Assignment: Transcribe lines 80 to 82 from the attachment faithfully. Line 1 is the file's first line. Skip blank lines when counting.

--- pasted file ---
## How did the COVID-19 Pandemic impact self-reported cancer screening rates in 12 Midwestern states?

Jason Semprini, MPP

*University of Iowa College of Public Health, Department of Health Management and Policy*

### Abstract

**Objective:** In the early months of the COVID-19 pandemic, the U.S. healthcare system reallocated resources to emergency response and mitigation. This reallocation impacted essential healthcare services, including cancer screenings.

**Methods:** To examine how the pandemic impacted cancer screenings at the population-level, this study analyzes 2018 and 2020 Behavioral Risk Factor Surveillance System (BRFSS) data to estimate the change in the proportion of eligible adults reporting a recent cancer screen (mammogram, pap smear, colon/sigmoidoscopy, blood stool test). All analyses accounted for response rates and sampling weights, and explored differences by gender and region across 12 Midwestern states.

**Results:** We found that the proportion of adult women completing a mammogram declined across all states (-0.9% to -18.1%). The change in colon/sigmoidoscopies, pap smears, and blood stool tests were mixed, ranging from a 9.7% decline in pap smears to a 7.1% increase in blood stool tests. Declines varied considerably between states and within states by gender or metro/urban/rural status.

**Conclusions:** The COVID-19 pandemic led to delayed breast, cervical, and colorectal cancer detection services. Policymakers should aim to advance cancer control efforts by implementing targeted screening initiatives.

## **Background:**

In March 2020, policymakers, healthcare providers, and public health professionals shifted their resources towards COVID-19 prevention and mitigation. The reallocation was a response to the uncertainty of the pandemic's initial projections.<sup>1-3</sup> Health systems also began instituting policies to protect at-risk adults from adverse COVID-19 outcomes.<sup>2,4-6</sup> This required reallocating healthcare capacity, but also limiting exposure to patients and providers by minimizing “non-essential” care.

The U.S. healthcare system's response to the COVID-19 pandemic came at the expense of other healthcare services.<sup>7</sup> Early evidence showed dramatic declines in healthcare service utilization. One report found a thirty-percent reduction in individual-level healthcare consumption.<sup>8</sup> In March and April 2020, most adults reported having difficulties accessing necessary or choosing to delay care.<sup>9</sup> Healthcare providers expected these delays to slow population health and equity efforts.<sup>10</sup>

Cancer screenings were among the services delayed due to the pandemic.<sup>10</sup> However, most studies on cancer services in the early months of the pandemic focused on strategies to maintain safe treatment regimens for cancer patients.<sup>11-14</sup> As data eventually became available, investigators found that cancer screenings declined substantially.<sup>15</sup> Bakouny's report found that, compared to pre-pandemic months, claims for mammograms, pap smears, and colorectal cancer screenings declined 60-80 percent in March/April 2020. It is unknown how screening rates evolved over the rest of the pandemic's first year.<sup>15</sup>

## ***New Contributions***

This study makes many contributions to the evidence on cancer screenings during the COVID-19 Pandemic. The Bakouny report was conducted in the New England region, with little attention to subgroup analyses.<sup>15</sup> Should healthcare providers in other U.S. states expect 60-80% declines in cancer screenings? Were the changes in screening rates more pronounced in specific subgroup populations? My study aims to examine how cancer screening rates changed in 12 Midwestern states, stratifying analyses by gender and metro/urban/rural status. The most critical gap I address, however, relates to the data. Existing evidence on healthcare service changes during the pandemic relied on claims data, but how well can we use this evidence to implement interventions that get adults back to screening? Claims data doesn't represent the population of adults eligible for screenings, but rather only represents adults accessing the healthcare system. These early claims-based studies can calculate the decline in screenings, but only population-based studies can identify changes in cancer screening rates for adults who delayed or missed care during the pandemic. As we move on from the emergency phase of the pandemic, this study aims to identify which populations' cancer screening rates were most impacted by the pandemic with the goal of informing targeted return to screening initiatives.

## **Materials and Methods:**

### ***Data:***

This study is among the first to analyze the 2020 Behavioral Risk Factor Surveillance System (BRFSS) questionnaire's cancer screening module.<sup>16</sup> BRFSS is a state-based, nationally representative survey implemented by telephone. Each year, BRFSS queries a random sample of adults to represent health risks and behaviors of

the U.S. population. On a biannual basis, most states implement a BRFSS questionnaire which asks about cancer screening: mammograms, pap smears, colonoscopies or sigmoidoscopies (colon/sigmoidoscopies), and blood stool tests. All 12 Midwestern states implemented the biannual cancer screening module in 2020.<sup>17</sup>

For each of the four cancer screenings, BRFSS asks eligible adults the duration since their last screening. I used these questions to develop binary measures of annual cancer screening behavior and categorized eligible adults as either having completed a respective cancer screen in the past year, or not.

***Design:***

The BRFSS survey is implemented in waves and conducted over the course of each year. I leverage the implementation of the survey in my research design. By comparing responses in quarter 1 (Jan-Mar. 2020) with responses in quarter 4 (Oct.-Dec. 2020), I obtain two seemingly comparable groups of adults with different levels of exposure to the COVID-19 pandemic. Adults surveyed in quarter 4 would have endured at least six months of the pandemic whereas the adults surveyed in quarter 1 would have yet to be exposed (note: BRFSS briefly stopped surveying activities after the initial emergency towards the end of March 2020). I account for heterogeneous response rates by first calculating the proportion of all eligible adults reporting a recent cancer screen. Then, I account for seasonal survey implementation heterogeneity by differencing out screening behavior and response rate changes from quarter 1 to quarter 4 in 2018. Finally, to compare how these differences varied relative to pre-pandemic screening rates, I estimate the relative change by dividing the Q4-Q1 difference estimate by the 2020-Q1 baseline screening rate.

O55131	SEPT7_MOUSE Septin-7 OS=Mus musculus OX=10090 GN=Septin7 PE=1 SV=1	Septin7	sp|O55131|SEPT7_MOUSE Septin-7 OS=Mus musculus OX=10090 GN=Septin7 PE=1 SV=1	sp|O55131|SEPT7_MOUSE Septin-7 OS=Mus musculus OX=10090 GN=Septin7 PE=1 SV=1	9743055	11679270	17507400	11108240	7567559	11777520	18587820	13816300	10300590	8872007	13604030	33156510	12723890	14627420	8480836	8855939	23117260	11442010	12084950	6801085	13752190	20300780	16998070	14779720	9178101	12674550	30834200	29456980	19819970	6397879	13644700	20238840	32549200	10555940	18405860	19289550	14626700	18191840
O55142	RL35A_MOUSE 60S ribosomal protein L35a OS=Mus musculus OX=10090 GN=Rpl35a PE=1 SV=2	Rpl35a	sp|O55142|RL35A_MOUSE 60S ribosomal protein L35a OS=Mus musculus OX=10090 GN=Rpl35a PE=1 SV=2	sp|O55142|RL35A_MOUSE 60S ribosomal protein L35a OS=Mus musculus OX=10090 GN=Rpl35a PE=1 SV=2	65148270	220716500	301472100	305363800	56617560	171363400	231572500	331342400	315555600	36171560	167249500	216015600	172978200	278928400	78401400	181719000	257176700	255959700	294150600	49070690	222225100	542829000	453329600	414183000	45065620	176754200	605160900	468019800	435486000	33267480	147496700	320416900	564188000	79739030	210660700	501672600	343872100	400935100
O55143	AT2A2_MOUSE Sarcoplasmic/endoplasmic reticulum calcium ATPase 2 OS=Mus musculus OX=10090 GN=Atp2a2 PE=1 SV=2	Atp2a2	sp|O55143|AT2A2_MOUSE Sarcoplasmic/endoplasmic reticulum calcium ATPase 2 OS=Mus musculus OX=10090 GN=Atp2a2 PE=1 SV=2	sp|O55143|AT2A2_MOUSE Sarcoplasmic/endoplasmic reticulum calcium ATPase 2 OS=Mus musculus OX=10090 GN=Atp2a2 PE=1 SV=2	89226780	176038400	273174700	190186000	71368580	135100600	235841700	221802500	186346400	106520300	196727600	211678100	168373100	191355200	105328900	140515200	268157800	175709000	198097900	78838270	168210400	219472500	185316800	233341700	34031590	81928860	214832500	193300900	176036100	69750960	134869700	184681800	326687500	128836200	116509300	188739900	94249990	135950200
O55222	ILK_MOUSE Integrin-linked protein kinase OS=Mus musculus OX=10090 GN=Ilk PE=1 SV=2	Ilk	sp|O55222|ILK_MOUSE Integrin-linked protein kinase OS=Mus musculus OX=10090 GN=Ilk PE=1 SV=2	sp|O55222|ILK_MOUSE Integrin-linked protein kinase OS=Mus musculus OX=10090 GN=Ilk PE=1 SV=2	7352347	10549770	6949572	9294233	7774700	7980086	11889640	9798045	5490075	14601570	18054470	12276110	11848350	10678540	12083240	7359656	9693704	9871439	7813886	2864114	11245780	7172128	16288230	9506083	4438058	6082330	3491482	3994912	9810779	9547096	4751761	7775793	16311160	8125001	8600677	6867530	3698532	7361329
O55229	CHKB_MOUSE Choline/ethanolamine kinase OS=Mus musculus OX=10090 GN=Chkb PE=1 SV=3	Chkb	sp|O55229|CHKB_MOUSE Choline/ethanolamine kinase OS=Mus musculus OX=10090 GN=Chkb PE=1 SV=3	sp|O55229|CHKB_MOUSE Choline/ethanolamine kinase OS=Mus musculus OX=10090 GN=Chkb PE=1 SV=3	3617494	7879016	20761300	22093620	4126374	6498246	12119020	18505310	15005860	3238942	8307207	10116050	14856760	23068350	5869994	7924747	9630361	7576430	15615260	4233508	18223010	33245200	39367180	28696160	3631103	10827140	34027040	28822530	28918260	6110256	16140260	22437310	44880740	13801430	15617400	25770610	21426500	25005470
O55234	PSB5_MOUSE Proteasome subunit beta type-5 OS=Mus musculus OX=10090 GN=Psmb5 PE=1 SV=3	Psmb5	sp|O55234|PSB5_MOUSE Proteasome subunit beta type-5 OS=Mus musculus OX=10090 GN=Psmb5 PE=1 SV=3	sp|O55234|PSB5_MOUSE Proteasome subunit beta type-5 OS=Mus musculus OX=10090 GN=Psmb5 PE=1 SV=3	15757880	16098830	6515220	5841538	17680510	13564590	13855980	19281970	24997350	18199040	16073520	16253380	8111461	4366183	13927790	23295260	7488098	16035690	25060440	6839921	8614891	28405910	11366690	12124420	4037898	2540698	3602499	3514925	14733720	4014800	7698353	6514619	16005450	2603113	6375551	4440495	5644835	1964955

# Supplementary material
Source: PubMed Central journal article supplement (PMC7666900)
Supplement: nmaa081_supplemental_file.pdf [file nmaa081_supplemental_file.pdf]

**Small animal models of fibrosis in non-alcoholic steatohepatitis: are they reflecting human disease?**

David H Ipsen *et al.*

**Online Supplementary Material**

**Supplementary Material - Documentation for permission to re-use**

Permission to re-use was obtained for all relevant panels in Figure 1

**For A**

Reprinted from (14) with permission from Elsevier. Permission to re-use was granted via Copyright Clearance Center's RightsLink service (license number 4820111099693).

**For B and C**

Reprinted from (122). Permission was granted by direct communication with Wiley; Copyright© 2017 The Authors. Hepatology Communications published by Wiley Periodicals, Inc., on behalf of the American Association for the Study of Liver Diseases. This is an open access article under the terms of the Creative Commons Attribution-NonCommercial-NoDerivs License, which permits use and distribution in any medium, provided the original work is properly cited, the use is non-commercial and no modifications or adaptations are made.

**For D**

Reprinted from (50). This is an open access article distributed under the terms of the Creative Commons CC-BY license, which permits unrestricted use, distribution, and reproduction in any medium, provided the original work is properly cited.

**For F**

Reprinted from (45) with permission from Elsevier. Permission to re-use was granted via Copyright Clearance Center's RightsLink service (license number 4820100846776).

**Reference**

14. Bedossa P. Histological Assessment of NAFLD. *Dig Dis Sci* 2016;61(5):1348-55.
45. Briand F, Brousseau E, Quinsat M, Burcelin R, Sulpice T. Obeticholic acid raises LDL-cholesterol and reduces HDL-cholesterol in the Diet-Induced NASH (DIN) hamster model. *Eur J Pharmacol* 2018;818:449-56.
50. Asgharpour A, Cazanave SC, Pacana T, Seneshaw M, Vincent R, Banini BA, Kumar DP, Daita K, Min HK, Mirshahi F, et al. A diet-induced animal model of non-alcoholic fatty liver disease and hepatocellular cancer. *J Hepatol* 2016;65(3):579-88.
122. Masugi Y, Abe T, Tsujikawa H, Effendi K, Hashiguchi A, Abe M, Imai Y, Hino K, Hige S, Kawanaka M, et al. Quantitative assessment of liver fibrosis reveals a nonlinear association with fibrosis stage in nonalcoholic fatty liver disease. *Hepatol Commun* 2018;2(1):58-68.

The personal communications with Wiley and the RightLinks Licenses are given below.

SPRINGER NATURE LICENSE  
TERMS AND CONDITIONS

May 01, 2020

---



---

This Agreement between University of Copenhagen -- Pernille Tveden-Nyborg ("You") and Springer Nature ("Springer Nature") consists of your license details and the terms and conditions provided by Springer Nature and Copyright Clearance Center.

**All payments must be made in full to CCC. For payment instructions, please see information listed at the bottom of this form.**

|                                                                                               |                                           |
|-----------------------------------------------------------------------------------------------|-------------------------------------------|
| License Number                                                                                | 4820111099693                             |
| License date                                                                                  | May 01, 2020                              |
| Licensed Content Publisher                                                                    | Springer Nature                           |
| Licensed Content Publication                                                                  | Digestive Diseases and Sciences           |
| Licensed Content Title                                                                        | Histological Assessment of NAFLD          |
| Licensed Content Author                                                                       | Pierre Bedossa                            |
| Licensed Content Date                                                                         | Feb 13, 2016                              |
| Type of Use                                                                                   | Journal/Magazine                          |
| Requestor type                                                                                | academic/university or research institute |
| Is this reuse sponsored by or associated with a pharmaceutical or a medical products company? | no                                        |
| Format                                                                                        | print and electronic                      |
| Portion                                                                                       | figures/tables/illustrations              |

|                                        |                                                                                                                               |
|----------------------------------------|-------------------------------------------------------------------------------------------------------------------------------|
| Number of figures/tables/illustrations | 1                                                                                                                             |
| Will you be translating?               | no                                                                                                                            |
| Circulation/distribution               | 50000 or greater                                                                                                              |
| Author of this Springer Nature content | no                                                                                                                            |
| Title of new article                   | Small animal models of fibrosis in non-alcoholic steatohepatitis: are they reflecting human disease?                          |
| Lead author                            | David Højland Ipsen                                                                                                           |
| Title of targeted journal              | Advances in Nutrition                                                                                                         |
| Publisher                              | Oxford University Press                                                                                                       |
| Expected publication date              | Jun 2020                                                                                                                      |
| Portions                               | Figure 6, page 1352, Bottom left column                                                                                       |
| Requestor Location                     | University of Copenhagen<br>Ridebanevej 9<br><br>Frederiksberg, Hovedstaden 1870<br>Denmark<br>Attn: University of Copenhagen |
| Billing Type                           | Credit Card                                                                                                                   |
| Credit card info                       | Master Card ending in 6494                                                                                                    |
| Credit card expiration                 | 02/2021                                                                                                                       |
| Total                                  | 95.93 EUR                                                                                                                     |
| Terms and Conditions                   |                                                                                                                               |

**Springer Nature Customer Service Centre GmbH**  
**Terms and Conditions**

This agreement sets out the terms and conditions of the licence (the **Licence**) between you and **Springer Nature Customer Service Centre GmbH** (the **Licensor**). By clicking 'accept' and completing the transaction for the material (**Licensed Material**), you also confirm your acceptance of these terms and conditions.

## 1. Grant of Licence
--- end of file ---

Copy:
| Publisher                              | Oxford University Press                                                                                                       |
| Expected publication date              | Jun 2020                                                                                                                      |
| Portions                               | Figure 6, page 1352, Bottom left column                                                                                       |